The people’s councillor

The people’s councillor

MASERU-WHEN ‘Mapuleng Mosooane decided to become an entrepreneur, politics was the last thing on her mind – let alone become the councillor for her area.
“All I knew was that I was running my mill project to supplement my husband’s salary,” she said.

Seeing how farmers on the plateau of Thuathe were struggling to find grinding mills for their grains, Mosooane sensed business opportunity and took it.
But she did not have enough money to buy the mill, which cost a staggering M60 000 at the time.
To add to the family’s woes, her husband did not qualify for a bank loan of that magnitude.

The 40-year-old businesswoman says the setback did not frustrate her plans and, together with her husband, moved from pillar to post looking for money to add to the M45 000 that her husband got from the bank.
“After we managed to buy the mill, we did not have a structure to house it. People would just pass here going to faraway places to grind their grains unaware that we had a mill here,” she recalls.

It was a huge challenge that the family had to overcome to attract customers.
She says her husband got some old iron sheets from a relative that they used to erect a shack.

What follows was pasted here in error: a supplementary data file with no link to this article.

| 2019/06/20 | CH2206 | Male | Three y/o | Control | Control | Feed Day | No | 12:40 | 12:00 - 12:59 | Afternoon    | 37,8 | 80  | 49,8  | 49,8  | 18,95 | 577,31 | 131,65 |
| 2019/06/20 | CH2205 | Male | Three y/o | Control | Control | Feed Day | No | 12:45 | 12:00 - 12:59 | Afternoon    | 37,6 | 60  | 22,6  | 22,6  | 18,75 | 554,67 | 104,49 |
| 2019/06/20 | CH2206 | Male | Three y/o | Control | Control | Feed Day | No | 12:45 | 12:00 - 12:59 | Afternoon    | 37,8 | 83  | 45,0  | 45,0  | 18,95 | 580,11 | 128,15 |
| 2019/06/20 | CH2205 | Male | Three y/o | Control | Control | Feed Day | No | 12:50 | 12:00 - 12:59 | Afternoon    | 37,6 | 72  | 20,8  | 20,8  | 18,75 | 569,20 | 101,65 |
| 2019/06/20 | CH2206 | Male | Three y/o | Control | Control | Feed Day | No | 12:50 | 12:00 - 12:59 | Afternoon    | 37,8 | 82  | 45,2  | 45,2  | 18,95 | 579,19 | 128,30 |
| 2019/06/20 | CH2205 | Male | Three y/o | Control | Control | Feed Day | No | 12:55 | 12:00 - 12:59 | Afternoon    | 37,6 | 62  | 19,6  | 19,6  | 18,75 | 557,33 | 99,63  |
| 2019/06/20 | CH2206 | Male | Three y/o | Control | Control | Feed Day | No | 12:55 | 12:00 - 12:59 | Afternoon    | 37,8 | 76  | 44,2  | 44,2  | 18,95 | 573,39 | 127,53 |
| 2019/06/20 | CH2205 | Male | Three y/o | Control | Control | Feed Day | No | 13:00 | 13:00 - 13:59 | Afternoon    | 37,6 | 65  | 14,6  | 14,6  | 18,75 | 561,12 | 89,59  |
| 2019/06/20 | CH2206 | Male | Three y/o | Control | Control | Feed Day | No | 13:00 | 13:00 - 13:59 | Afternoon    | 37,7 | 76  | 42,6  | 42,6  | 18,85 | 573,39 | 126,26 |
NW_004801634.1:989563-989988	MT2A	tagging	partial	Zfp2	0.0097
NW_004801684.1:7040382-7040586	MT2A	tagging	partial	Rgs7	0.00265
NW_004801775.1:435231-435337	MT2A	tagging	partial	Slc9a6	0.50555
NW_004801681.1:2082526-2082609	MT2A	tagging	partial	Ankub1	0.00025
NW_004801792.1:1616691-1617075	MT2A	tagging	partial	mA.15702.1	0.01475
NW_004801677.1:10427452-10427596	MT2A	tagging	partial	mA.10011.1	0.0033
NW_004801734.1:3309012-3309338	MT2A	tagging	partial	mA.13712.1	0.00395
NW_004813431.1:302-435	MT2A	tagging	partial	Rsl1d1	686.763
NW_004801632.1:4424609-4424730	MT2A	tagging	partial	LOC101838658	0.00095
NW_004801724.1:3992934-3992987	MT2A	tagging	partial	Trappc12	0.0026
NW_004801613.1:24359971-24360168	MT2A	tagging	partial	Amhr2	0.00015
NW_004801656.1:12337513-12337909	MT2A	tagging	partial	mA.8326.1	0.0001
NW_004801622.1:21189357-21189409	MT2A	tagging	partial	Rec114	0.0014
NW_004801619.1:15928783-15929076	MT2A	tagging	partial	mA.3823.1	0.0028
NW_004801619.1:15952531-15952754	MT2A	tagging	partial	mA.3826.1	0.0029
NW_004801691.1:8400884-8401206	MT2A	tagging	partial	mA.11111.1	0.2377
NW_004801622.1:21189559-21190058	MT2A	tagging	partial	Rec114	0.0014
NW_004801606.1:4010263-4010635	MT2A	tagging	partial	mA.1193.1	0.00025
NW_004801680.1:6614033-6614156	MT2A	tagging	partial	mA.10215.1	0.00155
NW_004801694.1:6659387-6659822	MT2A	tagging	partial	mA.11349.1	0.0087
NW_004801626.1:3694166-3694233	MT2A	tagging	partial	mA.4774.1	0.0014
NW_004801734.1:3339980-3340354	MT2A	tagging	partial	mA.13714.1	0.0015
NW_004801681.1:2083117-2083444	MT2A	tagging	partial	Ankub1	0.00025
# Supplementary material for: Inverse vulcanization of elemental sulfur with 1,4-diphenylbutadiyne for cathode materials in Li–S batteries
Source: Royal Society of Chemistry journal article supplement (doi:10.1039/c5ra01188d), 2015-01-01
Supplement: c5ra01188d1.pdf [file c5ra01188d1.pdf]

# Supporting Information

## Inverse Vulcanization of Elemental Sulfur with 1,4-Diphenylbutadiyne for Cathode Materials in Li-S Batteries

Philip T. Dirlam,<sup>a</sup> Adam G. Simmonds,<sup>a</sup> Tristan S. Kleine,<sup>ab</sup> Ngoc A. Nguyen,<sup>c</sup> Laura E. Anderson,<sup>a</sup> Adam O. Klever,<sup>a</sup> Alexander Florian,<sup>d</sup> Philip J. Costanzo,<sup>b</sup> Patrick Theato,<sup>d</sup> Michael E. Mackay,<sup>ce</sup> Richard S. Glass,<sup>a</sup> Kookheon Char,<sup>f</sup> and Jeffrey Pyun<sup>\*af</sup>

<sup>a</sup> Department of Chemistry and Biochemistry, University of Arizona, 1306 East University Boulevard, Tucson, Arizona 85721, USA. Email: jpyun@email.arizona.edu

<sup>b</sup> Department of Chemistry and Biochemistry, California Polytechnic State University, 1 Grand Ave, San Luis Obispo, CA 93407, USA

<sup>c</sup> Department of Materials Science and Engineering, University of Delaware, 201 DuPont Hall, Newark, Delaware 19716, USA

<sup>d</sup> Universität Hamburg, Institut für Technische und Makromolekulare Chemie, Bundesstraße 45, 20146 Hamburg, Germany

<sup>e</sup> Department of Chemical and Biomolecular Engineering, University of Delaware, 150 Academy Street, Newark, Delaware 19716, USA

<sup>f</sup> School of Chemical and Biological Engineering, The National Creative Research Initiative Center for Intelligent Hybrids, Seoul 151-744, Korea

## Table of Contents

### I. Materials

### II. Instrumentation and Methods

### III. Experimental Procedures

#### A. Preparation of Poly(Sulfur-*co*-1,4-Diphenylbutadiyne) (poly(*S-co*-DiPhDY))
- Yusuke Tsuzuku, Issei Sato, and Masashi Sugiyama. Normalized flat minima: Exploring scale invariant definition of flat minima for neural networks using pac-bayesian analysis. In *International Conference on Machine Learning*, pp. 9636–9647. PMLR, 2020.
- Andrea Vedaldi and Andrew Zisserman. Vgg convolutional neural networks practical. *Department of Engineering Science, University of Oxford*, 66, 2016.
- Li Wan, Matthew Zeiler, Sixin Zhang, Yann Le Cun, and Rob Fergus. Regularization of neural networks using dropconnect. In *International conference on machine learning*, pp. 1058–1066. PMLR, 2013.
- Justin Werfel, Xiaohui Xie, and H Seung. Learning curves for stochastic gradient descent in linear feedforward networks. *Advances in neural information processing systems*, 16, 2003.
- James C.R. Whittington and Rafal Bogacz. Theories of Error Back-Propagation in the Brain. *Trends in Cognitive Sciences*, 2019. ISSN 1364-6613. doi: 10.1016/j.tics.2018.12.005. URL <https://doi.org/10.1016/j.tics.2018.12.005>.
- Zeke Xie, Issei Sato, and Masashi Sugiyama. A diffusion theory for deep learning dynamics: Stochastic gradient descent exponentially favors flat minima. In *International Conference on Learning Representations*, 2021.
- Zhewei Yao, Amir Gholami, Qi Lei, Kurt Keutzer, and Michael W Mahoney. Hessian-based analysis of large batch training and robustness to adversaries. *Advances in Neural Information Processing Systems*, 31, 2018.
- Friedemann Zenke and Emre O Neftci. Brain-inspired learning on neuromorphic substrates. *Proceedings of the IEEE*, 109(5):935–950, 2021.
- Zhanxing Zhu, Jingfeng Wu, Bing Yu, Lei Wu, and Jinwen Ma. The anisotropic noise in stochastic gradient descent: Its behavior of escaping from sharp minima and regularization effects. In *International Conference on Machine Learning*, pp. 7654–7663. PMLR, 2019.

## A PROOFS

“More clients came in and the business grew from strength to strength,” Mosooane says.

Another problem soon arose however. There was no electricity in the area to power the mill.
“We used our car to power the mill,” she says.
This saw their business growing significantly and after a year, they managed to buy a second mill.

“I operated the mill for a year. And I was able to engage one man who would assist when I attended some errands,” Mosooane says.
Today, Mosooane owns nine mills that are generating a steady income for the family.

Realising her grit, a group of women approached her asking her to contest the Local Government elections in 2015.
She says she was not interested in politics but the women pledged their unwavering support.
“The results were fantastic. I won the elections. Even now, people seem impressed with my work in the council,” says Mosooane with a smile.

She is one of a few people in politics elected to positions on the basis of their contribution to community development as most people are elected based on their party loyalties.
Mosooane says she has managed to start a poultry project for women in the area in a bid to fight poverty.

“I am part of it,” she says, adding that women should try and make a difference in their communities.
She managed to ensure the building of roads in the area, making access to markets and other services easier.
Mosooane says she has also managed to install water to villages that were without the precious liquid for years.

She has not neglected the social needs of the community and has been assisting some local football teams by providing them with kits and transport to matches.
“We used to take them to the matches using my cars. In that way, I have also contributed towards the success of sports locally,” Mosooane says.

However, lack of resources due to low budgetary allocations is threatening her desire to leave an indelible mark in local politics.
“There are still some needs such as water and electricity that I have to address but I am being hampered by the limited budget,” she said.

Majara Molupe

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